I think the Kindle is here to stay in some form or fashion.  I think Amazon is going to rule the ebook market, and I do believe we are in for some wild roller-coaster e-swings.

You heard it here — not exactly first — but probably two-hundred-and-twenty-two-second.

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Kindling a Little Nookie

April 8th, 2010 Kathleen O'Reilly Posted in Reading Matters, Techie Things Comments Off

Or, how the big-box retailers stopped worrying that reading wasn’t cool and learned to love the e-reader.

It isn’t a huge surprise that less than a week after Apple released the AWESOME, SPECTACULAR, HOLYMOLYTHISTHINGWILLCHANGETHEWORLD ipad, Target and Best Buy have drunk the e-Kool-Aid. Not that I’m implying that there is something *hinky* about e-reader luv. Not that I haven’t been known to lovingly caress my Kindlicious (it’s a pet name). But it is fascinating to note the timing. Seems that Best Buy is getting the Barnes & Noble Nook, and Target (who is sometimes known to strangely and mysteriously know my purchasing decisions even before myself) is selling the Kindle.

Woot! (and no, neither device can be found on woot — yet).

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At the Blaze Blog Today

August 24th, 2009 Kathleen O'Reilly Posted in Blogroll, Reading Matters Comments Off

I’m posting at the Blazeauthors blog today. Taking an informal survey on the whys of reading romance and has the why changed and why the why has changed….

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What Makes a Hero? – Beyond Her Book – Blog on Publishers Weekly

July 7th, 2009 Kathleen O'Reilly Posted in Cool People, Reading Matters, Uncategorized Comments Off

Check out the full Barbara Vey link on Lady Jane.

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Focus in a Twittering World

May 22nd, 2009 Kathleen O'Reilly Posted in Newsflash, On Biz, On Writing Miseries, Reading Matters, Techie Things 12 Comments »

New York mag has a fascinating article on focus v. distraction and how it’s affecting the brain.  There’s a lot of really cool insights in the article, which is sort of a hodge-podge of anecdotes (Malcolm Gladwellian style).  A few tidbits:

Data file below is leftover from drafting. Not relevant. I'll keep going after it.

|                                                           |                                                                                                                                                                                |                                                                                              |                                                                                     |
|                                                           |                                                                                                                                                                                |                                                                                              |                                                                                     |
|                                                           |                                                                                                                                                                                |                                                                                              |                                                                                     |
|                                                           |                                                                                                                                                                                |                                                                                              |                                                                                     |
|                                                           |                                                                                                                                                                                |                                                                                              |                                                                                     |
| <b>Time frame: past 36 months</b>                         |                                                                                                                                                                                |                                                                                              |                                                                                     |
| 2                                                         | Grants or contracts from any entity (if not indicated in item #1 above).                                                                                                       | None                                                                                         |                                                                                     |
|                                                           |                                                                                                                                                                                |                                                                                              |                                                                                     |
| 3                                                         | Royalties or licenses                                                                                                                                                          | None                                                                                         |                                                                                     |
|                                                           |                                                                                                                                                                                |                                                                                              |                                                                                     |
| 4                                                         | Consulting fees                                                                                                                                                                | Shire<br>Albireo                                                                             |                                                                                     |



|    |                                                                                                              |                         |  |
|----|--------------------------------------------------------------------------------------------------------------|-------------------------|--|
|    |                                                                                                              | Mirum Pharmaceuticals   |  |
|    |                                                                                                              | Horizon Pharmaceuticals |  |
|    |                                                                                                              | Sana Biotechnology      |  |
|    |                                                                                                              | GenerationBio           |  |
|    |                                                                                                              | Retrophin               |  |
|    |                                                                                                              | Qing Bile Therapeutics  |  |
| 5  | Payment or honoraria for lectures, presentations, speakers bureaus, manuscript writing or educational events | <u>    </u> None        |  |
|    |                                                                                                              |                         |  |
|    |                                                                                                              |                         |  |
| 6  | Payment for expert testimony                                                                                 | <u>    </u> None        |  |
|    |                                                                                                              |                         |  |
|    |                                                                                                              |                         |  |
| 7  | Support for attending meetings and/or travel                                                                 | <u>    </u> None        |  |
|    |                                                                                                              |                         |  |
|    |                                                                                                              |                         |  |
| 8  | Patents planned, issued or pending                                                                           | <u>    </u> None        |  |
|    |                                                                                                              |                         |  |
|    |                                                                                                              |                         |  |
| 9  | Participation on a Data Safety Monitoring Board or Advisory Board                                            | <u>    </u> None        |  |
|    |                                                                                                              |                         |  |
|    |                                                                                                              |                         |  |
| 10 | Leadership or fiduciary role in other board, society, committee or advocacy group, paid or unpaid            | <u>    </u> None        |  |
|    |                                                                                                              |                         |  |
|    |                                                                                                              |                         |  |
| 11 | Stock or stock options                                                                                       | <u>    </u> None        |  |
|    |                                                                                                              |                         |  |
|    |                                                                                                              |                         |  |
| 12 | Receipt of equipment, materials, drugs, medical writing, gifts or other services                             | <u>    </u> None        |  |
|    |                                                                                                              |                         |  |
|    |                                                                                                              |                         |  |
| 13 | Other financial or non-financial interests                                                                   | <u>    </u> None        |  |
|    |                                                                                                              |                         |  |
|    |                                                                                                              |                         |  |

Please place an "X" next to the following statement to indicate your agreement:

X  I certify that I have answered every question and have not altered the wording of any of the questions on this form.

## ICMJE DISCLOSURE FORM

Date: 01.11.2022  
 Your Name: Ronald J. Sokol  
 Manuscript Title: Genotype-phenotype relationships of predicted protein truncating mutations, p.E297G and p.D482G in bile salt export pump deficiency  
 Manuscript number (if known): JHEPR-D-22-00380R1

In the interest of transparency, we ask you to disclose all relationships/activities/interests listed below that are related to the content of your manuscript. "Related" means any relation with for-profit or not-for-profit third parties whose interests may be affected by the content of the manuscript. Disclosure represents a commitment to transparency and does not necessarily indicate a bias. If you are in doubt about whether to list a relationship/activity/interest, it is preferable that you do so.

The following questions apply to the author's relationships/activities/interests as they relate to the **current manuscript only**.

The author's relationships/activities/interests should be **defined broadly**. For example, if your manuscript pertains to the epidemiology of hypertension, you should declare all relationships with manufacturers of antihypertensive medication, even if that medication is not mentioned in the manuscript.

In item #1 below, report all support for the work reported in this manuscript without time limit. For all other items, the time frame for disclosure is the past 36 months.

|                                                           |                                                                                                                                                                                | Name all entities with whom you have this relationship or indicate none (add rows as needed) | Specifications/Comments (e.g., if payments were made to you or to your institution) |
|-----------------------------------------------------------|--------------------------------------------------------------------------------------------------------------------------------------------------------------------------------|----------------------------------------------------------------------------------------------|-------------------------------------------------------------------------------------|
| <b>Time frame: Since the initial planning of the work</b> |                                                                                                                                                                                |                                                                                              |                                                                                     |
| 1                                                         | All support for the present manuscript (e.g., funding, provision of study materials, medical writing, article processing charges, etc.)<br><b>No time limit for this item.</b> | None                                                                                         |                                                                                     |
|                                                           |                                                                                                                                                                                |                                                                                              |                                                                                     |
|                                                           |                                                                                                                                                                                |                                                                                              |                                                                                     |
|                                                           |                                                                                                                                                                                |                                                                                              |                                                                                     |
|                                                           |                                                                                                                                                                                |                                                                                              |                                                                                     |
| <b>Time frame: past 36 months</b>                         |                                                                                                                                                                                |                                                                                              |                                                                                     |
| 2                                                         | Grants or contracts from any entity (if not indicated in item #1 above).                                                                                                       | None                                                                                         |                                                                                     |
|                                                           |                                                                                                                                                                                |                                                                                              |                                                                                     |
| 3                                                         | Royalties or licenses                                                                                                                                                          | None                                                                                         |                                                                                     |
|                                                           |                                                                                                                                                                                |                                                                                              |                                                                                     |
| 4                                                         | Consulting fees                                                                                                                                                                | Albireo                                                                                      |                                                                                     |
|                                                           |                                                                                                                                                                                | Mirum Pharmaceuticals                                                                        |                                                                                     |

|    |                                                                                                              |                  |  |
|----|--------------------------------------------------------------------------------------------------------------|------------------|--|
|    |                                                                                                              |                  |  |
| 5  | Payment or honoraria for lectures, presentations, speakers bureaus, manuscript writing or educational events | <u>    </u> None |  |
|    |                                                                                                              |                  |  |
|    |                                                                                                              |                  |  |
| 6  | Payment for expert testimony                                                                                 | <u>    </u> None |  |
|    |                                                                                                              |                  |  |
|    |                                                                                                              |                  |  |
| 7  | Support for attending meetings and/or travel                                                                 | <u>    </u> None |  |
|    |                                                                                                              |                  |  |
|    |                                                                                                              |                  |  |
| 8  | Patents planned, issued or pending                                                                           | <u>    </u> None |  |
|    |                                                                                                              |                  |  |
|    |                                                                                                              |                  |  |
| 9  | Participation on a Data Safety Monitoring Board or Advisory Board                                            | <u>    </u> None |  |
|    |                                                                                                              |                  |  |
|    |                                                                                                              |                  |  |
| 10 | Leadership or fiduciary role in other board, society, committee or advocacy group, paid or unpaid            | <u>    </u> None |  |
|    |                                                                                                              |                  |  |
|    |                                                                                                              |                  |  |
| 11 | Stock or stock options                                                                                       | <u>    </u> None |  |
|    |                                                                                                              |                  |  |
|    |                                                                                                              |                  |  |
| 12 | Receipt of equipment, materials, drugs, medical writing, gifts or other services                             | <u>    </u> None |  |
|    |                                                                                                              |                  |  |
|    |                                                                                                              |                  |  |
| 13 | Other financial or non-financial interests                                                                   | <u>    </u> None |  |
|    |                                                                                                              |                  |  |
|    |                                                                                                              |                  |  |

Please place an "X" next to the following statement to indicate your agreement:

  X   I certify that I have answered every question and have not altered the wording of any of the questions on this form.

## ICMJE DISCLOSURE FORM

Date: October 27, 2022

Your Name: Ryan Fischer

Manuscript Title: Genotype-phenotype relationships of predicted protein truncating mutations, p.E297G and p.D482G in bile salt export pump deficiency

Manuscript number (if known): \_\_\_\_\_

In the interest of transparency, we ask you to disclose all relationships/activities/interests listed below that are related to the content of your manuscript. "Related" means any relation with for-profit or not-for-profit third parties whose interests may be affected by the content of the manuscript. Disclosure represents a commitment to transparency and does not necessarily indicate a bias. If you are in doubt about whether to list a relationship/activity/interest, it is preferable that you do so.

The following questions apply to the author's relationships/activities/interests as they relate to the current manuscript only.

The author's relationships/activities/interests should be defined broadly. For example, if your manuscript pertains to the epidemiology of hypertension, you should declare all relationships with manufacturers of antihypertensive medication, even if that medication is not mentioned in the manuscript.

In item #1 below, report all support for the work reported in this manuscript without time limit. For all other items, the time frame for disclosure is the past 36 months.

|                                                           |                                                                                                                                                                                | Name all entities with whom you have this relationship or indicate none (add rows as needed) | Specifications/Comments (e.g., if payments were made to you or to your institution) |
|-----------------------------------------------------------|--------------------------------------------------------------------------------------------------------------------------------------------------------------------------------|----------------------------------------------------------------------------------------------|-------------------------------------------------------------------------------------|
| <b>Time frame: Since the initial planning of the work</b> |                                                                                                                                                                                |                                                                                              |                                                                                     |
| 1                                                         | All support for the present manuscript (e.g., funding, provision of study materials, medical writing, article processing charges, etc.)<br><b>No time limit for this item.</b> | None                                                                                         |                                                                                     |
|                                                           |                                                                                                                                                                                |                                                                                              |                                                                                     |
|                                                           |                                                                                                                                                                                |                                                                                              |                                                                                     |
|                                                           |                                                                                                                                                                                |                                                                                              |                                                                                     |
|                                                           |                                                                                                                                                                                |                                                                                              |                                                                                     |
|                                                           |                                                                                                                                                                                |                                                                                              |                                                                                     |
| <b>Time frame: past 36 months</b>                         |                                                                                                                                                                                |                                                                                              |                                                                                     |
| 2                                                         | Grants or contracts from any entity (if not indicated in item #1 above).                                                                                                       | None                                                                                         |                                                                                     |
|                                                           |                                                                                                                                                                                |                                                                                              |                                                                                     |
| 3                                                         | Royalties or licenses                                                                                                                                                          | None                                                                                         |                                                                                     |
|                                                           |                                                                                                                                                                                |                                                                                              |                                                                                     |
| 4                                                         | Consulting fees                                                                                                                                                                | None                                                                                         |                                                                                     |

Only in the last ten years—thanks to neuroscientists and their functional MRIs—have we been able to watch the attending human brain in action, with its coordinated storms of neural firing, rapid blood surges, and oxygen flows. This has yielded all kinds of fascinating insights—for instance, that when forced to multitask, the overloaded brain shifts its processing from the hippocampus (responsible for memory) to the striatum (responsible for rote tasks), making it hard to learn a task or even recall what you’ve been doing once you’re done.

And this little bit:

The only time multitasking does work efficiently, Meyer says, is when multiple simple tasks operate on entirely separate channels—for example, folding laundry (a visual-manual task) while listening to a stock report (a verbal task). But real-world scenarios that fit those specifications are very rare.

I knew that!!!  Laundry days at the O’Reilly household are planned around TV watching nights.  The scenario plays out where Laundress O’Reilly dumps all clothes on the couch, in which laundry-drone O’Reilly members must actually fold in order to — get this, it’s the really strategic one — find a place to sit on the couch in order to watch TV.

Anyway, I wanted to share.  Wired had an article on the future of reading in this month’s issue (I’m not sure there’s a link to this, the website seems to link to last month’s issue, not the current) , and they also had an interview with Guillermo del Toro on moviemaking, and the common link on both with the desire to make the creation/experience of movies and books more of a collective experience.  This makes a lot of sense to me because when a person *owns* something, the emotional response is higher than if they have no ownership investment in the process.  I remember a writer friend talking about Diana Gabaldon posting pieces of what would become Outlander on the web and get comments and criticism.  I sometimes wonder how much that little piece of the process affected the outcome of Outlander.

I’m not sure how a collective book could be written or reviewed.  As a writer, I know what paths work best for a story, which paths I’m most invested in, and I’m not sure if Readers Group chose Plot Pathway B as the route to proceed along, that I would care as much about *my story*.

Anyway, I’m mulling it over, and if anybody has any ideas about how the collective could work, I’d love to discuss.  I think it will be some sort of the future, but I’m not sure how to get there…